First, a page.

The House of Visual Poetry

The fluid grace of Chinese dance
Story Anja Konjicanin

It is 9:45 on a shivery, bright Sunday morning. A young woman interested in Chinese dance steadily approaches the front doors of The Lorita Leung Chinese Dance Academy. Suddenly, she comes to a stop. The woman appears frozen in time. A rainbow of dancers comes into her view; they glisten in photos of all sizes. Their beauty and elegance is reflected from the sunlit doors; the fluidity of their gestures is alluring. A girl about the age of five arrives. Impatient for her morning dance lesson, the girl lets out an “Excuse me!” and rushes by the young woman. The dazzled woman, as if awakened from a spell, shakes away her trancelike state and follows the girl through the school doors into the world of Chinese dance.

About The Company

The Lorita Leung Chinese Dance Company (TLLCDC) in Richmond, British Columbia, has collected many international awards and consists of many talented performers who use the art of dance to represent Chinese culture. The dancers are trained at the Academy, and it is through their soulful dancing that Chinese tradition peeks. In 1993, during the North American Chinese Dance Competition, the company’s dancers took home 16 first place awards. They’ve also won awards in Canada, China and the United States. Lorita Leung, founder and Artistic Director of TLLCDC, and founder and Chairman of The Lorita Leung Chinese Dance Association, a non-profit registered charity, is well-known in China, Taiwan, Hong Kong and Canada as a choreographer, writer and educator. She began her dance career in China at a young age, studying ballet and Chinese dance.

In 1970, inside Leung’s Vancouver home, the Academy and dance company were born. “We started in the basement, having only five students,” says Leung. Today, the Academy is known for being the first Chinese dance school in Vancouver and one of the first Chinese dance schools in North America. Now, with over 24 different classes per week, the teachers and the students are busy. “We have a lot of performances all year round,” says Jessica Jone, Leung’s daughter and the school’s Vice-principal, teacher and choreographer. Jone’s early career in dance began with her mother Leung at the Academy. “I was exposed to Chinese dance since I was in the womb,” says Jone.“I was fortunate to make my career in dance exclusively.”

The Academy’s teachers and choreographers, such as Leung and Jone, are some of the brilliant minds behind the scenic dances that inhabit the stage. The Association, which sponsors the company’s performances and provides them with authentic costumes, organizes the North American Chinese Dance Competition. Competitors come from cities such as Houston, Seattle, Hawaii and Vancouver. The dancers perform a variety of styles: Chinese folk, classical and contemporary Chinese dance. Three professional adjudicators attend, with two typically coming from China. “Adjudication is very important,” Leung stresses. “It’s a chance for the dancers to get feedback on their style, technique, what they did right and what they did wrong.” The event consists of a 50-piece dance. “This allows time to critique each student,” Leung adds. “There is a story behind the dance. It’s not like hip hop where one can pause anytime. We make enough time for the whole dance to finish.” It’s not just a competition, though, Leung adds. “We make friends and learn from each other.”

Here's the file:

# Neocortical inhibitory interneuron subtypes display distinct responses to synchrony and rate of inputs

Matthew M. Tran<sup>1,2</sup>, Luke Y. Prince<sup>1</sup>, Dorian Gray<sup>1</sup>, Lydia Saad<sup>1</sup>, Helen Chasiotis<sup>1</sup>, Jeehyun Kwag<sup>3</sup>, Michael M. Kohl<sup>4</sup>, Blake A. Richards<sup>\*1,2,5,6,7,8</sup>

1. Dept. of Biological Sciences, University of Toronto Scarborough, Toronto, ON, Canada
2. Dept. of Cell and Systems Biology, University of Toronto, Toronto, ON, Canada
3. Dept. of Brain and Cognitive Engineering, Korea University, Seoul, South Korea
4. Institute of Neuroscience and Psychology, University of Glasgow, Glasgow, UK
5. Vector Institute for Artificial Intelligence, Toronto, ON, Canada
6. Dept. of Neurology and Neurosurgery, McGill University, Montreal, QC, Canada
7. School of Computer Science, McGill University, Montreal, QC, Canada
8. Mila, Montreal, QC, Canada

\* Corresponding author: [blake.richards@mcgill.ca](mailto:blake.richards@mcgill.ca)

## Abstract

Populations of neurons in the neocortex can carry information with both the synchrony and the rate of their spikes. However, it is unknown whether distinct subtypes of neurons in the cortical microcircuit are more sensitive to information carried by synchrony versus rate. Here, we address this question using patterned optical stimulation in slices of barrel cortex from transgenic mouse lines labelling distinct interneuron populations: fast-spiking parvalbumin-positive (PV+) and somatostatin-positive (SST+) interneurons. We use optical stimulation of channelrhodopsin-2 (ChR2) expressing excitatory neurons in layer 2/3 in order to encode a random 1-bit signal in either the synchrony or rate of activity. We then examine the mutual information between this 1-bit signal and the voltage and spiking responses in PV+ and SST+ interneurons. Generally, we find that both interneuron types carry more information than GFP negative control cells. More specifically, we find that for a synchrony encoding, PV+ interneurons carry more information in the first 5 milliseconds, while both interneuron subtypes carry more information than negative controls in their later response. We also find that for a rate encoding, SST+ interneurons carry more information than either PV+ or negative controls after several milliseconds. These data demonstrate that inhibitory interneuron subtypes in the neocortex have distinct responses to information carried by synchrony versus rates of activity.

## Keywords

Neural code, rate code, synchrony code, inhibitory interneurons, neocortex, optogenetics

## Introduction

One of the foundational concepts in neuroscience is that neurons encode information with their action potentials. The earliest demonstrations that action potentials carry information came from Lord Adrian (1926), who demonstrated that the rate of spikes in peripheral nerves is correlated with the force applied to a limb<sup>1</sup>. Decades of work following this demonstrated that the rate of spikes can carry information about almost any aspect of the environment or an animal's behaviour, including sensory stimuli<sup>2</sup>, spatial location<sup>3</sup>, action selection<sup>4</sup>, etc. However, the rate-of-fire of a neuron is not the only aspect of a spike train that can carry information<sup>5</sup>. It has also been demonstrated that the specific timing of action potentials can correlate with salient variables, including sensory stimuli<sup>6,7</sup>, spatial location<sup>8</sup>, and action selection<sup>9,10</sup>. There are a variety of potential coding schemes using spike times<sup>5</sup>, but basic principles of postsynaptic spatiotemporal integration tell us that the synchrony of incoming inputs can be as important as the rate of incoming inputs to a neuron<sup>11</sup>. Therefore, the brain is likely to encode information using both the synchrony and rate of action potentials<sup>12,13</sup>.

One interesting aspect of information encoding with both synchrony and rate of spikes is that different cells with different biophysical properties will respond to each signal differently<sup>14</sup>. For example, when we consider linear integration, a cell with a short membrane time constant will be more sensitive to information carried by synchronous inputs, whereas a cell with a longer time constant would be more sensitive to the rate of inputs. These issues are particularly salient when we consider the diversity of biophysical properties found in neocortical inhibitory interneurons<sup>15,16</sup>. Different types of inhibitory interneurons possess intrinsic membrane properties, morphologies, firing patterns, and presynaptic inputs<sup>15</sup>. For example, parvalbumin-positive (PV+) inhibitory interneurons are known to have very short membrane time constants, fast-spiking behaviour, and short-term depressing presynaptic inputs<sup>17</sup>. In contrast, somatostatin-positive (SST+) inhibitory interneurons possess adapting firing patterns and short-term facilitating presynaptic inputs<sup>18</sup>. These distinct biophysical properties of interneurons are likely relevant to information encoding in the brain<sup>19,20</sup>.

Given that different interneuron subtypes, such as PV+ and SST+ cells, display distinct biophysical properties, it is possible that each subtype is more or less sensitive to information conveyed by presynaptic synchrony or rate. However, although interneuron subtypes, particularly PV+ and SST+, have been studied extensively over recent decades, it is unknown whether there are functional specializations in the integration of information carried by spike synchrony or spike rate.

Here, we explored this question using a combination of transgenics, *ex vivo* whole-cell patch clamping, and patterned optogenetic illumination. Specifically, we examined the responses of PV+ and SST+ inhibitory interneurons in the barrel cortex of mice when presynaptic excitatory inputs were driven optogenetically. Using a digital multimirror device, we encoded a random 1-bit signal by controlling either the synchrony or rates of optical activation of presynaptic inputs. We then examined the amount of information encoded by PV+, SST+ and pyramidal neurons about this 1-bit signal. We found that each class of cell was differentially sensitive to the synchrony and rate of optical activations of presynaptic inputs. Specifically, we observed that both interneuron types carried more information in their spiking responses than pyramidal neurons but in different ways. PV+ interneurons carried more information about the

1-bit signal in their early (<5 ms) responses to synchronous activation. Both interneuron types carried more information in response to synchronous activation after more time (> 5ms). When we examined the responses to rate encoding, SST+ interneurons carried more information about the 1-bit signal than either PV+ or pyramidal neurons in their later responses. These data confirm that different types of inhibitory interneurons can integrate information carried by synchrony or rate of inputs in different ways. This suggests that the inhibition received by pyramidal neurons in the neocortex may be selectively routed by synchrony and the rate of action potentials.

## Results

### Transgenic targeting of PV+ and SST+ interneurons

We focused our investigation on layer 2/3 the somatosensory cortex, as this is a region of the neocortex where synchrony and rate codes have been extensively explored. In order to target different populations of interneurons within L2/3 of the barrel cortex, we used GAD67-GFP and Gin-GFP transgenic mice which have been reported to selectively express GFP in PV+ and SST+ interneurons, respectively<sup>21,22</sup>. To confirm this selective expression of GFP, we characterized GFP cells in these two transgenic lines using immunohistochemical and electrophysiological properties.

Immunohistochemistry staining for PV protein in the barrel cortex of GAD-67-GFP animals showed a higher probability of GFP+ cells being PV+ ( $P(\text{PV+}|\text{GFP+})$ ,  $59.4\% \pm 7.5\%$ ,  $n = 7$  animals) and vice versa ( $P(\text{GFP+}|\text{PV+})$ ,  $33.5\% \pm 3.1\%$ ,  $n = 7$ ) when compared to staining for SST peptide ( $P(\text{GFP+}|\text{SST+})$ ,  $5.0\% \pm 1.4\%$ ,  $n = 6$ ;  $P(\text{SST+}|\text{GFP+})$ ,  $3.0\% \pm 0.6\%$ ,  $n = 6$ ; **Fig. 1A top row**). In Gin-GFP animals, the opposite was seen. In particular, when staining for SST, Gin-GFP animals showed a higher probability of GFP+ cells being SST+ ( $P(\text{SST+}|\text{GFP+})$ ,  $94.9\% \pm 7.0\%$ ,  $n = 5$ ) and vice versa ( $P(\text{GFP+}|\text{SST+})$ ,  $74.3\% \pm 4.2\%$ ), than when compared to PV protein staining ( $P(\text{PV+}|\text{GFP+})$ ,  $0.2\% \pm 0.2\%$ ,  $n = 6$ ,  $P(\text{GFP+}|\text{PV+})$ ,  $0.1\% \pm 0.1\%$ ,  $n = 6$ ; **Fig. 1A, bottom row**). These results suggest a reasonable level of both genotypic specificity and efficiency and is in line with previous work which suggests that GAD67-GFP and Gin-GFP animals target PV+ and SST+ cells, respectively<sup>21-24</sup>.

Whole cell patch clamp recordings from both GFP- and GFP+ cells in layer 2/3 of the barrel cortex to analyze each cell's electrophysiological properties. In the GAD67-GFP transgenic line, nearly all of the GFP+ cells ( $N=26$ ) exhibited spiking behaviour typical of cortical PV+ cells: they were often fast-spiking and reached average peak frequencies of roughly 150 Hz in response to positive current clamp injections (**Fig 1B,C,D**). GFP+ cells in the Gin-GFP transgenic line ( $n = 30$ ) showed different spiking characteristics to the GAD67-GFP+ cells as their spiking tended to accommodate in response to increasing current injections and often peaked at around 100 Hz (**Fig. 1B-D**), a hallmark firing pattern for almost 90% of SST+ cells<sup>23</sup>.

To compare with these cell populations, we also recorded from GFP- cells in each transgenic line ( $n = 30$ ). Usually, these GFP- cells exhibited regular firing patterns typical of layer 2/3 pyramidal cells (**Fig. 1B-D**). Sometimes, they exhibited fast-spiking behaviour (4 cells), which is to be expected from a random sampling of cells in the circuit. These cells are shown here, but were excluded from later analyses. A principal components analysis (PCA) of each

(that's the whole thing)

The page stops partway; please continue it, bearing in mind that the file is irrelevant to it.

The Dance Costumes And Routines

The mesmerizing costumes that the dancers wear during the performances complement the dances wonderfully, allowing the dancers to stand out on the darkened stage. The costumes are designed according to the minority—a term used to classify dances that belong to six percent of the Chinese population. They differ from one another as they originate from unique ethnic groups: Mongolian, Tibetan, Korean, Zhuang, Hui and Uygur. “Each minority costume is different,” says Leung. “We have a special designer and get the original thing from Beijing. Sometimes we draw the design according to the minority dance and ship it. The costume designer then matches 20 pieces and ships the finished piece back to us.” Previously worn garments can be viewed in the Museum of Civilization in Ottawa.

While the costume is important, a lot of work goes into the routine. The performers use techniques from the Beijing Dance Academy and the Chinese Dance Syllabus. In addition to the Chinese-Canadian choreography, the dancers also work with original dance pieces from China. In many ways, Chinese dance is visual poetry. The routines have the power to unravel a narrative. A dance move, like art, seeks interpretation of its own. In turn, The Lorita Leung Chinese Dance Academy is more than a dance school: it is one of North America’s finest portals to Chinese culture. From folk to modern dance, the school’s enchanting pieces of cultural art continue to stun many spectators into breathless amazement.